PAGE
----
theses

Public defence in building technology: Sylvia Haus

Title: Climate impact of the sustainable use of forest biomass in energy and material systems – a life cycle perspective
Subject: Building technology
Faculty: Faculty of Technology
Date: Thursday 18 January 2018 at 10.00 am
Place: Room M1083 (Södrasalen), building M, Växjö
External reviewer: Associate Professor Göran Berndes, Chalmers University of Technology, Sweden
Examining committee: Professor Tomas Lundmark, Swedish University of Agricultural Sciences
Professor Pål Börjesson, Lund University, Sweden
Professor Per-Anders Hansson, Swedish University of Agricultural Sciences
Chairperson: Professor Björn Johannesson, Department of Building Technology, Linnaeus University
Supervisor: Professor Johan Bergh, Department of Forestry and Wood Technology, Linnaeus University
Examiner: Professor Marie Johansson, Department of Building Technology, Linnaeus University
Spikning: Thursday 21 December 2017 at 2.00 pm at the University library in Växjö

Abstract

Earth's climate is essential for our life on the planet, though the way we live is changing the climate. Human society releases greenhouse gas emissions to the atmosphere while providing housing, heat, mobility and industrial production. Man-made greenhouse gas emissions are the main causes of climate change, coming mainly from burning fossil fuels like coal, oil and fossil gas, but land-use changes also contribute significantly to total emissions. Climate scientists have observed that carbon dioxide concentrations in the atmosphere have been increasing significantly over the past century, compared to the pre-industrial era level, which cause an increased level in global surface temperature known as global warming. In order to prevent serious impacts on human life, research indicates that global warming needs to be limited to less than 2 °C and global efforts are being made in order to stay below this level.

Sustainably managed forests play an important role in the discussion on the mitigation of climate change with the prospect of sustainably providing essential materials and services as part of a low-carbon economy, both through the substitution of fossil-intensive fuels and material and through their potential to capture and store carbon in the long-term perspective.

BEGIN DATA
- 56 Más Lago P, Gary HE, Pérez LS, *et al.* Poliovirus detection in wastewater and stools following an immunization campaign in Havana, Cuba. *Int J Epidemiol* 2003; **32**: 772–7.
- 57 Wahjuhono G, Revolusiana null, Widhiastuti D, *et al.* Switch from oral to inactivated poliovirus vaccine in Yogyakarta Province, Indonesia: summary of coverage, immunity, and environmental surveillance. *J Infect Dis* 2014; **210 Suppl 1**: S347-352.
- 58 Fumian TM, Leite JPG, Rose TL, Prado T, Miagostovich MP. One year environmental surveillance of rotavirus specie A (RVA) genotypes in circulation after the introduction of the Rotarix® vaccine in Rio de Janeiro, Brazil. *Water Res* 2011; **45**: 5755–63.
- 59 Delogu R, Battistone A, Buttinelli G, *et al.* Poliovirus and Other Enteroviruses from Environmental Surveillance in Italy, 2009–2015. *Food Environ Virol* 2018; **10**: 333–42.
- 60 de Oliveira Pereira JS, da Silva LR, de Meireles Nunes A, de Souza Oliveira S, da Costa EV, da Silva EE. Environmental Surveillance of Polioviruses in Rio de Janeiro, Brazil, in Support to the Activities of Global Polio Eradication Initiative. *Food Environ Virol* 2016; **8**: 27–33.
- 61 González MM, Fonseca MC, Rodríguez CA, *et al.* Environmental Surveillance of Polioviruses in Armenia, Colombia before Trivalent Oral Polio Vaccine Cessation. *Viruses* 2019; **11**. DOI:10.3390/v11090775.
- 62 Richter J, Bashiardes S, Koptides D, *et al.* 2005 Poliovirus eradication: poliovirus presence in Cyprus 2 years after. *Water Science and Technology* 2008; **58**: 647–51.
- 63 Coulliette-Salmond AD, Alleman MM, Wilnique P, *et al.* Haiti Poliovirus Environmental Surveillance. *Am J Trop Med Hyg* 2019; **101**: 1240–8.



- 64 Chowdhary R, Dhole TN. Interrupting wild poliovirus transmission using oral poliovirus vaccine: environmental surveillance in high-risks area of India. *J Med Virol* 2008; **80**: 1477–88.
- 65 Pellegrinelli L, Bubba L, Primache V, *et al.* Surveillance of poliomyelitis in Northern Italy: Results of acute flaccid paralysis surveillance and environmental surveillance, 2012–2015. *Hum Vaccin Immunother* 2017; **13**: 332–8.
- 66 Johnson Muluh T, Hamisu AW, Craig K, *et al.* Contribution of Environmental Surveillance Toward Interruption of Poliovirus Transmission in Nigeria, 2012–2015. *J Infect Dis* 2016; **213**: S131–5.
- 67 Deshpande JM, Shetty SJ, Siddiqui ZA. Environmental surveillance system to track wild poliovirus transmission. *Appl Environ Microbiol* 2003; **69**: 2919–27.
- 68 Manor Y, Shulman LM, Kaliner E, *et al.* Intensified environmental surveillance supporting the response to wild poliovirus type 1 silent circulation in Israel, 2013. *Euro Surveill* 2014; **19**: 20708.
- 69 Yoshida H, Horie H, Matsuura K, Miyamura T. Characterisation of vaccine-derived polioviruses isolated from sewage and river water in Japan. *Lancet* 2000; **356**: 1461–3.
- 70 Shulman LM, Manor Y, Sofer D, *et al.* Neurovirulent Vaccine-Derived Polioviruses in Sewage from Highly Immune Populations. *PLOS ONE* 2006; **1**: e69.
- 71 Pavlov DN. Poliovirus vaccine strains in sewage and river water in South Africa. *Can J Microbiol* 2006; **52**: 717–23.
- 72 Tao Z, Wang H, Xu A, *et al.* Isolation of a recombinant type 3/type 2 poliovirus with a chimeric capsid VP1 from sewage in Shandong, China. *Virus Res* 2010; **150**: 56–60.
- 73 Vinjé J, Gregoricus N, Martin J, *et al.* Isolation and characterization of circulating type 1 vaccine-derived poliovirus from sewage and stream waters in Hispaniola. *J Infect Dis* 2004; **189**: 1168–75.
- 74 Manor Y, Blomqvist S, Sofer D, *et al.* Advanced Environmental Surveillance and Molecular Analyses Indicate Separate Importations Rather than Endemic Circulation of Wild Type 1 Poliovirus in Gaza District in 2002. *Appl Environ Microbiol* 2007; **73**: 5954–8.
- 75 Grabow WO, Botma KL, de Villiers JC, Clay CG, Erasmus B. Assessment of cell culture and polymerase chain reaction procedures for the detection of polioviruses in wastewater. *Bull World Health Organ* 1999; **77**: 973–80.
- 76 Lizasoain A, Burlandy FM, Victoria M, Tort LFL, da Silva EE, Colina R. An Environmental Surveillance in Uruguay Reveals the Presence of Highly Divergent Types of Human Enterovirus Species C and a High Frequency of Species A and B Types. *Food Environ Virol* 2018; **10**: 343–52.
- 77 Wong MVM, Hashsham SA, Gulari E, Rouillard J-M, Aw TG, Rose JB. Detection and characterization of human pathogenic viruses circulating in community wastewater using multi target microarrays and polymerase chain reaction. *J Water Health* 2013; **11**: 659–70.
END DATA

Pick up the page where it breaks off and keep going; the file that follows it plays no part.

The overall aim of this thesis and the studies was to develop a methodology under a life cycle perspective to assess the climate impact of the sustainable use of forest biomass in bioenergy and bio-based material systems. For this, the development of system analysis and scenario techniques is necessary to study how different bioenergy systems in the forest, heat, power and transportation sector could contribute to climate change mitigation. To perform this kind of analysis a methodological framework is needed to accurately compare the different biological and technological systems with the aim to minimize the net CO2 emissions to the atmosphere and hence the climate impact. In such a comparison, the complete energy supply chains from natural resources to energy end-use services has to be considered and are defined as the system boundaries.

The results show that increasing biomass production through more intensive forest management or the usage of more productive tree species combined with substitution of non-wood products and fuels can significantly reduce cumulative radiative forcing, in other words global warming. The emissions from intensified forest management resulted in very little radiative forcing in comparison to the negative radiative forcing from using the increased forest growth for biomass substitution. The biggest single factor causing radiative forcing reduction was using timber to produce wood material to replace energy-intensive construction materials such as concrete and steel. Another very significant factor was replacing fossil fuels with forest residues from forest thinning, harvest, wood processing, and postuse wood products. The fossil fuel that was replaced by forest biomass affected the reductions in greenhouse gas emissions and radiative forcing, with carbon-intensive coal being most beneficial to replace. The climate benefits of fertilization were proportional to the increased rate of biomass production, in terms of shortened rotation lengths and increased harvest volumes. Because the substitution benefits of forest product use are cumulative, and the carbon sink in the forest biomass and soil is limited, the non-management and non-use of forest biomass becomes less attractive as the time horizon increases. Over the long term, an active and sustainable management of forests, including their use as a source for wood products and biofuels, allows the greatest potential for reducing net carbon emission.

For future work it is recommended to perform this kind of analyses on the landscape level. To improve accuracy, albedo changes due to forest management and climate change should be incorporated into the framework, using a spatially specific surface albedo model as well as a model to translate changed surface albedo to climate change effects.

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